Virginia Tech Cadets Will Give $9000 To D-Day Memorial
The Virginia Tech Corps of Cadets will present a $9000 check to a D-Day Memorial representative at a ceremony in Bedford on Saturday Feb. 1 at 11 a.m.
Approximately 100 cadets helped raise the money as a service project. Col. Edward Schwabe said the idea surfaced last year when memorial officials were having trouble financing the final stages of the project.
Bravo Company Commander, Cadet Major Greg Grubbs, who headed up the project this year, hoped to exceed the $6000 raised by cadets for the memorial last year. This year the project was expanded to include the entire battalion of four companies.
The cadets raised the money by asking tailgaters at VT home football games for donations.
"This is an example of a significant service project," said Schwabe. "It's a way to recognize the sacrifices of those who have gone before us in this kind of profession, and ties us to that in a small way."
Grubbs said "The D-Day memorial is near and dear to all our hearts, so it just seemed to fit the bill. This project has impacted me in a positive way, as does anything you do to help a worthy and distinguished cause."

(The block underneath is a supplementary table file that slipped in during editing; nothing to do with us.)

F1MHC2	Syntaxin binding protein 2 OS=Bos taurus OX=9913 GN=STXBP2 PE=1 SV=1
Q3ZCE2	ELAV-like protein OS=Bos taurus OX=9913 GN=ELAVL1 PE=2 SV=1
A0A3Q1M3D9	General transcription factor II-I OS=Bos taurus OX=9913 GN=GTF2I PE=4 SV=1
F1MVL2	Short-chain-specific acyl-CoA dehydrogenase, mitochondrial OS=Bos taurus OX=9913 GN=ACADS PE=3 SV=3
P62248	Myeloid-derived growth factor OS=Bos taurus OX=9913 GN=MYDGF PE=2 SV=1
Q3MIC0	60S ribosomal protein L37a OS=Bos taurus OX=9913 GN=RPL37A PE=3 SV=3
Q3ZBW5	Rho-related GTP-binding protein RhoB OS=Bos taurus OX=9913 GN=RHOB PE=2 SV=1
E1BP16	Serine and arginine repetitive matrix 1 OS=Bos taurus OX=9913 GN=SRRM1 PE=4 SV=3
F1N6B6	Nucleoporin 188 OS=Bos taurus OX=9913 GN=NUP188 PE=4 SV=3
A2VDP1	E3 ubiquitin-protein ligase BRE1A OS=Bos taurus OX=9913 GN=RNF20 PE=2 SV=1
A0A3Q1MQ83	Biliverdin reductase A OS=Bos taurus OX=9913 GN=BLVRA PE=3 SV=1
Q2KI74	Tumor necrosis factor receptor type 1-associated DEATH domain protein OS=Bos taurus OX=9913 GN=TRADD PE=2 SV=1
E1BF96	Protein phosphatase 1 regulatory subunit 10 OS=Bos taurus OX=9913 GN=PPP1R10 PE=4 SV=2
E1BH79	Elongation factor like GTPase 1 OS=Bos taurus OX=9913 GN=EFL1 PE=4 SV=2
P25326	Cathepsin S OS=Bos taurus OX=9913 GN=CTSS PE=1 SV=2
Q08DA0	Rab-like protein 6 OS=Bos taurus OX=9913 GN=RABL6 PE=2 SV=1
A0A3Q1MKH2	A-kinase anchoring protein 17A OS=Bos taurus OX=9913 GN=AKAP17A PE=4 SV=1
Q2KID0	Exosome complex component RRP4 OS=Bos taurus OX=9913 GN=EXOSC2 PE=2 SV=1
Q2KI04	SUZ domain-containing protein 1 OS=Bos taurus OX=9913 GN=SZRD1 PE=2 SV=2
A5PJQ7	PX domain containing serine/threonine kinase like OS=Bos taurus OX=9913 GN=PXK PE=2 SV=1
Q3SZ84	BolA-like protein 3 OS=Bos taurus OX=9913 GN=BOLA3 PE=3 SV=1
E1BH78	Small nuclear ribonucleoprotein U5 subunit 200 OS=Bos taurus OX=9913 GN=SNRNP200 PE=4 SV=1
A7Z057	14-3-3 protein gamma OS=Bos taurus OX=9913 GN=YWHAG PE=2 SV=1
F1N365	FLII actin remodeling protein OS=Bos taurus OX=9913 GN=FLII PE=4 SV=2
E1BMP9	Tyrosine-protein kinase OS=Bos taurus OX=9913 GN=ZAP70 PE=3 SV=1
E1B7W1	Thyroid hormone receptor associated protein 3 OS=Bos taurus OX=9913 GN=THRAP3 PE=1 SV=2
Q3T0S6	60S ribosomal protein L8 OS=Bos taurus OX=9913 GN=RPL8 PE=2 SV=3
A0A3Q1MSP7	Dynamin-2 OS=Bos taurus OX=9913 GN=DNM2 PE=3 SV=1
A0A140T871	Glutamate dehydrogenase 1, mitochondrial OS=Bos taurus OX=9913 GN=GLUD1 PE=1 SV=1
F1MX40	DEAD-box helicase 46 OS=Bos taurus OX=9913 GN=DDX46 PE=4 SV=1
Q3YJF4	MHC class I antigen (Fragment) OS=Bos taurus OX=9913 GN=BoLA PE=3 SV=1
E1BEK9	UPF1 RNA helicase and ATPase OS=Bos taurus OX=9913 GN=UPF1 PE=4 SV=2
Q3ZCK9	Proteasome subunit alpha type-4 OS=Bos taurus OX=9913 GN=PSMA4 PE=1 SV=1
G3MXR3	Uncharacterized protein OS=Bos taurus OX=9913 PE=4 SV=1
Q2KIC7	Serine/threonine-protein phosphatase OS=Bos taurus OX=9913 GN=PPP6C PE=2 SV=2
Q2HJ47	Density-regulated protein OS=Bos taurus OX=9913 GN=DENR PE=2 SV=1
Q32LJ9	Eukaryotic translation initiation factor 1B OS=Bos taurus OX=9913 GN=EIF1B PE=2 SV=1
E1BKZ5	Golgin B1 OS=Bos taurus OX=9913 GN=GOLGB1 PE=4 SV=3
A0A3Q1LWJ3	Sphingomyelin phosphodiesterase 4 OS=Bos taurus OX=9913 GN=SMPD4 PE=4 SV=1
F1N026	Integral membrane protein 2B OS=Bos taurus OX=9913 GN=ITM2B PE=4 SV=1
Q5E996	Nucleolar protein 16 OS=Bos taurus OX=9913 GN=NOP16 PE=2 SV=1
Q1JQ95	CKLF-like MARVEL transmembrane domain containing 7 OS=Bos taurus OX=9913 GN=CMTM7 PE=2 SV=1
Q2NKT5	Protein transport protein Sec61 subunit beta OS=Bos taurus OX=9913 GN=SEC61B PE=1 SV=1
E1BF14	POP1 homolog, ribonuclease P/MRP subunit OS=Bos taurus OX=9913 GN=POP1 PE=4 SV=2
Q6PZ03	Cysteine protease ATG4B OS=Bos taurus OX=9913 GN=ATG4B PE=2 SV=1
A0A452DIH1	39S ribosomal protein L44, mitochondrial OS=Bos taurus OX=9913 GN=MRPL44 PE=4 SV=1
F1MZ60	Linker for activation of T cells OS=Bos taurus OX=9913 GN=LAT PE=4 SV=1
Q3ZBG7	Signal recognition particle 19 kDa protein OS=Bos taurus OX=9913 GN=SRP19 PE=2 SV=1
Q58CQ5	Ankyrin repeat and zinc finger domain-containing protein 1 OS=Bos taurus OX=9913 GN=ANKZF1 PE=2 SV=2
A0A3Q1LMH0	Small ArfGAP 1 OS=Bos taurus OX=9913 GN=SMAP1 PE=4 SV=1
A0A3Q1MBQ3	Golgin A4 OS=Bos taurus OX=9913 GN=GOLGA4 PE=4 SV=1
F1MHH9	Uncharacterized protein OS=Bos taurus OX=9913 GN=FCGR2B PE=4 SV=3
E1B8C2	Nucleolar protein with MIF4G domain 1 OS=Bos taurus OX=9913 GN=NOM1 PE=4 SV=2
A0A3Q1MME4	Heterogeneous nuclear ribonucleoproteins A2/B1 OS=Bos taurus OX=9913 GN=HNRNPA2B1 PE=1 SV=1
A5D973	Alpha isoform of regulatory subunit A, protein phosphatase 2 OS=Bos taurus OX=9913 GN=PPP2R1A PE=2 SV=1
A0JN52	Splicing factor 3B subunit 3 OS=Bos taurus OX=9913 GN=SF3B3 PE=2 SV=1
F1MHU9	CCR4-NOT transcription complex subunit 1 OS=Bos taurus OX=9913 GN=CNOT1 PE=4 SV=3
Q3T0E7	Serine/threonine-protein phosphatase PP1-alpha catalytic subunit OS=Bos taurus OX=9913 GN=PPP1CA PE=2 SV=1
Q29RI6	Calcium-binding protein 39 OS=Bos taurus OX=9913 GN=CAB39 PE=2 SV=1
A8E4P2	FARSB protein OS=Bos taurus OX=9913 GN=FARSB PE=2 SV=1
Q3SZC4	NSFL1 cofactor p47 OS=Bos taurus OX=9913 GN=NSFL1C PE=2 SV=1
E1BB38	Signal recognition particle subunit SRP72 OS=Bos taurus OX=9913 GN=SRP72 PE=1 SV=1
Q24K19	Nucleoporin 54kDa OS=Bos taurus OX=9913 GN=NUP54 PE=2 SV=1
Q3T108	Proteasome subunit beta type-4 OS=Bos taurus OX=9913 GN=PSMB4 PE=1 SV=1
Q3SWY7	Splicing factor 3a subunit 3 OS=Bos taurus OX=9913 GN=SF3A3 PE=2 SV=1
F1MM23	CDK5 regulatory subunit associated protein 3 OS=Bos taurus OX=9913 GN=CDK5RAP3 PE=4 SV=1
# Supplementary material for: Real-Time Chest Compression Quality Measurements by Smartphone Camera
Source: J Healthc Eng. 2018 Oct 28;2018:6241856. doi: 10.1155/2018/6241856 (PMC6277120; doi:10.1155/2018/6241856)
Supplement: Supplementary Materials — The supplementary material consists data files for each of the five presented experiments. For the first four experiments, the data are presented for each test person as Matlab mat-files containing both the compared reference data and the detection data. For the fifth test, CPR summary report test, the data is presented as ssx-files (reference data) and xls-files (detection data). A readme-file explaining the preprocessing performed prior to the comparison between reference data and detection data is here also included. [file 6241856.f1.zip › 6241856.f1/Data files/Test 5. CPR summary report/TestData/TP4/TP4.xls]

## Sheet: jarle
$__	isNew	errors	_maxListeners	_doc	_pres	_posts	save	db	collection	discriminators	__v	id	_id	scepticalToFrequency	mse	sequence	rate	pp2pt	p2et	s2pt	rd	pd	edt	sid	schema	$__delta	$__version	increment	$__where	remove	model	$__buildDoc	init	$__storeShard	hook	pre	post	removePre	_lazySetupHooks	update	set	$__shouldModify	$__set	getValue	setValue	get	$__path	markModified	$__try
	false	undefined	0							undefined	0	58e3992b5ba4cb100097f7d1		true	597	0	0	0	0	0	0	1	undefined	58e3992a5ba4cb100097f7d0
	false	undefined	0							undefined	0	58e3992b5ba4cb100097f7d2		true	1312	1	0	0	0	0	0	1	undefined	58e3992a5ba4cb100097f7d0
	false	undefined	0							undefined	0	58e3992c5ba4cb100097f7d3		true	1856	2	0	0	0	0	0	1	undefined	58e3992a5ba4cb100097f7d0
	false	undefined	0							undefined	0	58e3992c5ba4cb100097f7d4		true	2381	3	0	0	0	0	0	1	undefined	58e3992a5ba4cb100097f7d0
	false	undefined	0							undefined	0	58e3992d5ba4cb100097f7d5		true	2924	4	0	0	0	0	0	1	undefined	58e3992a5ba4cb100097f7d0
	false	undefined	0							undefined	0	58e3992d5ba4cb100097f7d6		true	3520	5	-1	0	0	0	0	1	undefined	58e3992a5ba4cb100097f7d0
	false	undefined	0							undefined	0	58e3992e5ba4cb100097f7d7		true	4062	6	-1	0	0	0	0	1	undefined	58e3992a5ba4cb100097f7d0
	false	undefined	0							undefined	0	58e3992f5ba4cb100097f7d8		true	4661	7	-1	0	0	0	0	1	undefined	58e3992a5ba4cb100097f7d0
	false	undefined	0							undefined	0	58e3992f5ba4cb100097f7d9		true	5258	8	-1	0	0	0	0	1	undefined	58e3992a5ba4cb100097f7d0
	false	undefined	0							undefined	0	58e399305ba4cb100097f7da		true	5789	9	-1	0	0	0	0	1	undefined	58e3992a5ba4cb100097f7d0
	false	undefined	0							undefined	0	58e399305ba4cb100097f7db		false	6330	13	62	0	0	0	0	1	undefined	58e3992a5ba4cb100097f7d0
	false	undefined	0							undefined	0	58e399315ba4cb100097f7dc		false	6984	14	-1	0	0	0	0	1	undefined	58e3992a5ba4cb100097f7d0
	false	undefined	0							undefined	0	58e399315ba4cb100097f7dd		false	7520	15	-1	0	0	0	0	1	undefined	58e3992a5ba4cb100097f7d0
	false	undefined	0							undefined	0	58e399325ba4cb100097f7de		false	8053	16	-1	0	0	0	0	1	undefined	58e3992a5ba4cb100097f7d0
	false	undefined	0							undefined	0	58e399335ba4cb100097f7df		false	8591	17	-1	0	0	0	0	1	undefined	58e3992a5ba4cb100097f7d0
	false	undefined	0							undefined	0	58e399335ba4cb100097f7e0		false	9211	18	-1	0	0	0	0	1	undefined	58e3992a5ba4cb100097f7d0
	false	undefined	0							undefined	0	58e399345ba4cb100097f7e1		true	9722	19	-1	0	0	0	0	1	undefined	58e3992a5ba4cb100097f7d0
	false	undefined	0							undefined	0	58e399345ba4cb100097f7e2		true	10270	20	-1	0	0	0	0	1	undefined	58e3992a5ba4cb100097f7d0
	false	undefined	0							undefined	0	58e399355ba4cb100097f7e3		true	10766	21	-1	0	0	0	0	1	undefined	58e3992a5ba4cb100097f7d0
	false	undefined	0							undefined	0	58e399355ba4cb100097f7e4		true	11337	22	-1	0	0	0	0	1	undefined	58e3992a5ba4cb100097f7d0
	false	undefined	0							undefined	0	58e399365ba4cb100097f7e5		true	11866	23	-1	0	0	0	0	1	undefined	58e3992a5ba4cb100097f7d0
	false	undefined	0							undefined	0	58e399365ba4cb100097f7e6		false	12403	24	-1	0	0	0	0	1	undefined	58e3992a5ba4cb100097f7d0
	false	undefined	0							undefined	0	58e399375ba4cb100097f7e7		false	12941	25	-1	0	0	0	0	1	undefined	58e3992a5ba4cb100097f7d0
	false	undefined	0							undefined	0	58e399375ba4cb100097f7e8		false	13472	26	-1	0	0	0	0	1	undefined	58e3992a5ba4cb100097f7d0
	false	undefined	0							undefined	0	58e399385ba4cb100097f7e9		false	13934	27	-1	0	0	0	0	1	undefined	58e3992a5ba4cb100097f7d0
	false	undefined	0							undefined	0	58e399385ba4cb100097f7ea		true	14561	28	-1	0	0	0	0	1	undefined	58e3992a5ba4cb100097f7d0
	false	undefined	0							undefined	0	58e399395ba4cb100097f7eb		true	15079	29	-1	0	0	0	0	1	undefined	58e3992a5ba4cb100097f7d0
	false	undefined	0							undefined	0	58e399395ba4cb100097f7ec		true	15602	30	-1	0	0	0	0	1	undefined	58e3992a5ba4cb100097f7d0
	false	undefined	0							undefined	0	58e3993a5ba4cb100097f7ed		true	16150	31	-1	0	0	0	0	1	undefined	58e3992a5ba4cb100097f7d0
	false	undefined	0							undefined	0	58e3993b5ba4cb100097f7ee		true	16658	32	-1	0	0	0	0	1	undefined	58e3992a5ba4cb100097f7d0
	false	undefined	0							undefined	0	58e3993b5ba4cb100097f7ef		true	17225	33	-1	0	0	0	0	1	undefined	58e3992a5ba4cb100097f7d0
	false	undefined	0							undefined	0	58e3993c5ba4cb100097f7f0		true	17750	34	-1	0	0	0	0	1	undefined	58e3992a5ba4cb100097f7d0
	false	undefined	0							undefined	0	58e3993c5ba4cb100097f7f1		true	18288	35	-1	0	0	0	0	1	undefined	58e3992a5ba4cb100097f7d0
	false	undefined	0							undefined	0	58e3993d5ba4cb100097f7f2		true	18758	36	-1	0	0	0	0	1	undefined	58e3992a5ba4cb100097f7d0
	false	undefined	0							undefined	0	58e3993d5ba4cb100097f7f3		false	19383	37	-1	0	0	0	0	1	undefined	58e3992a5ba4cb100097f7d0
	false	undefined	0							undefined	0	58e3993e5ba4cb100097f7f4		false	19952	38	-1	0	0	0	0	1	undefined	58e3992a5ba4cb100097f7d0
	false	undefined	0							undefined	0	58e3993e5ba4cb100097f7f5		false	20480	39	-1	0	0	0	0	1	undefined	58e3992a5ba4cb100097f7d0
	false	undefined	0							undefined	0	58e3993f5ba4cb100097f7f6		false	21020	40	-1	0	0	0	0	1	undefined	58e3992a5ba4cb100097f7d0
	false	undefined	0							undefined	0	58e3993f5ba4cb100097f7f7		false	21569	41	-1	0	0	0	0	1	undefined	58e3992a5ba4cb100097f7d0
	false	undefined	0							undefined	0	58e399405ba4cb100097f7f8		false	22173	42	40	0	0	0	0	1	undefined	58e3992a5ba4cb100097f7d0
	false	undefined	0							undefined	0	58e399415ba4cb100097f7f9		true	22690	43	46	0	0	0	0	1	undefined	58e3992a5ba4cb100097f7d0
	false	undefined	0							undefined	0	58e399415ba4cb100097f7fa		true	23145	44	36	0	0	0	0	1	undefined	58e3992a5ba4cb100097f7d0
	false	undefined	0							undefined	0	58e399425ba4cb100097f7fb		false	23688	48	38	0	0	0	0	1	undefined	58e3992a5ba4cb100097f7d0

About 40 cadets in uniform will attend the simple ceremony in Bedford. The cadets were selected from across the corps in an effort to represent as many units as possible.
The Corps of Cadets has a quiet presence at Tech. "The cadets have an extremely busy schedule on a day to day basis. They are, compared to the average student on campus, pretty overloaded," said Schwabe. "They're up before dawn for physical training and they've got 18 to 24 more credit hours to take for the ROTC to get their degree," he added.
About 80% of Tech's cadets go on to serve active duty. In reference to the war on terrorism Schwabe said, "Most of the young people who are in the corps now clearly see the writing on the wall. Their focus will be considerably different than their grandfathers' experience."
For additional information contact Col. Edward Schwabe at email@example.com.
Written by Meredith Trotter, Intern in the Office of University Relations